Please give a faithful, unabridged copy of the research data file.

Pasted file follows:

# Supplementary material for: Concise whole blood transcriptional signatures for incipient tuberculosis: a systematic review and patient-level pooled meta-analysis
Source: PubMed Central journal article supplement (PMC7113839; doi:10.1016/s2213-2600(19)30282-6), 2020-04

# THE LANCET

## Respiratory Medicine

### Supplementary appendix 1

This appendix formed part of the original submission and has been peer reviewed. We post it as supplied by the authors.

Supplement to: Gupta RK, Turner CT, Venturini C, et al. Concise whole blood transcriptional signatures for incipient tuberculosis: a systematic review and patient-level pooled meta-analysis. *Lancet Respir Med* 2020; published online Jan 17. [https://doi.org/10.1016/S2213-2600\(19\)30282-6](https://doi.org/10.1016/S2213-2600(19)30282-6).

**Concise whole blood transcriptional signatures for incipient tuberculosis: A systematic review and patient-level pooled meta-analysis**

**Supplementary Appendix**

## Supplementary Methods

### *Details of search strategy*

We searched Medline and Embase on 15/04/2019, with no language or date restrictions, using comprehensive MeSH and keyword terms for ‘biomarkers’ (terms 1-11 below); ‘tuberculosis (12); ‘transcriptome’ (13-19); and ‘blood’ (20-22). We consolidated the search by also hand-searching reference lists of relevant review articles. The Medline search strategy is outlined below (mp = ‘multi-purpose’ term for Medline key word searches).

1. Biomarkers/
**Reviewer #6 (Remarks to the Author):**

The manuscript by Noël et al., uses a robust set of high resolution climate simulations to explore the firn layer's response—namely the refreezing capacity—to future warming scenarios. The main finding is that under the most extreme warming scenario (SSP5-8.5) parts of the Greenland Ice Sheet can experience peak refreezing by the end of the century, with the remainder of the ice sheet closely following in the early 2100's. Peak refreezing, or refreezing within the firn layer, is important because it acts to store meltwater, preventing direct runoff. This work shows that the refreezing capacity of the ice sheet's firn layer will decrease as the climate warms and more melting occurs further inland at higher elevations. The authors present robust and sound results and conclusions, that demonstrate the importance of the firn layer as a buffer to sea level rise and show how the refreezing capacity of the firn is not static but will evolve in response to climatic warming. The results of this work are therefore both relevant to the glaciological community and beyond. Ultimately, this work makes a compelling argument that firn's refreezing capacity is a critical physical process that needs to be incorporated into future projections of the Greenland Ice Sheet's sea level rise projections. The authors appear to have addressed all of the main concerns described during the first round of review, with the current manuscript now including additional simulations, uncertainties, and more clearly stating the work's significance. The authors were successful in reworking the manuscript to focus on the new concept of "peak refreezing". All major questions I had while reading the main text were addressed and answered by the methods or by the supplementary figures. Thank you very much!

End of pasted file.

# Supplementary material for: Concise whole blood transcriptional signatures for incipient tuberculosis: a systematic review and patient-level pooled meta-analysis
Source: PubMed Central journal article supplement (PMC7113839; doi:10.1016/s2213-2600(19)30282-6), 2020-04

# THE LANCET

## Respiratory Medicine

### Supplementary appendix 1

This appendix formed part of the original submission and has been peer reviewed. We post it as supplied by the authors.

Supplement to: Gupta RK, Turner CT, Venturini C, et al. Concise whole blood transcriptional signatures for incipient tuberculosis: a systematic review and patient-level pooled meta-analysis. *Lancet Respir Med* 2020; published online Jan 17. [https://doi.org/10.1016/S2213-2600\(19\)30282-6](https://doi.org/10.1016/S2213-2600(19)30282-6).

**Concise whole blood transcriptional signatures for incipient tuberculosis: A systematic review and patient-level pooled meta-analysis**

**Supplementary Appendix**

## Supplementary Methods

### *Details of search strategy*

We searched Medline and Embase on 15/04/2019, with no language or date restrictions, using comprehensive MeSH and keyword terms for ‘biomarkers’ (terms 1-11 below); ‘tuberculosis (12); ‘transcriptome’ (13-19); and ‘blood’ (20-22). We consolidated the search by also hand-searching reference lists of relevant review articles. The Medline search strategy is outlined below (mp = ‘multi-purpose’ term for Medline key word searches).

1. Biomarkers/
**Reviewer #6 (Remarks to the Author):**

The manuscript by Noël et al., uses a robust set of high resolution climate simulations to explore the firn layer's response—namely the refreezing capacity—to future warming scenarios. The main finding is that under the most extreme warming scenario (SSP5-8.5) parts of the Greenland Ice Sheet can experience peak refreezing by the end of the century, with the remainder of the ice sheet closely following in the early 2100's. Peak refreezing, or refreezing within the firn layer, is important because it acts to store meltwater, preventing direct runoff. This work shows that the refreezing capacity of the ice sheet's firn layer will decrease as the climate warms and more melting occurs further inland at higher elevations. The authors present robust and sound results and conclusions, that demonstrate the importance of the firn layer as a buffer to sea level rise and show how the refreezing capacity of the firn is not static but will evolve in response to climatic warming. The results of this work are therefore both relevant to the glaciological community and beyond. Ultimately, this work makes a compelling argument that firn's refreezing capacity is a critical physical process that needs to be incorporated into future projections of the Greenland Ice Sheet's sea level rise projections. The authors appear to have addressed all of the main concerns described during the first round of review, with the current manuscript now including additional simulations, uncertainties, and more clearly stating the work's significance. The authors were successful in reworking the manuscript to focus on the new concept of "peak refreezing". All major questions I had while reading the main text were addressed and answered by the methods or by the supplementary figures. Thank you very much!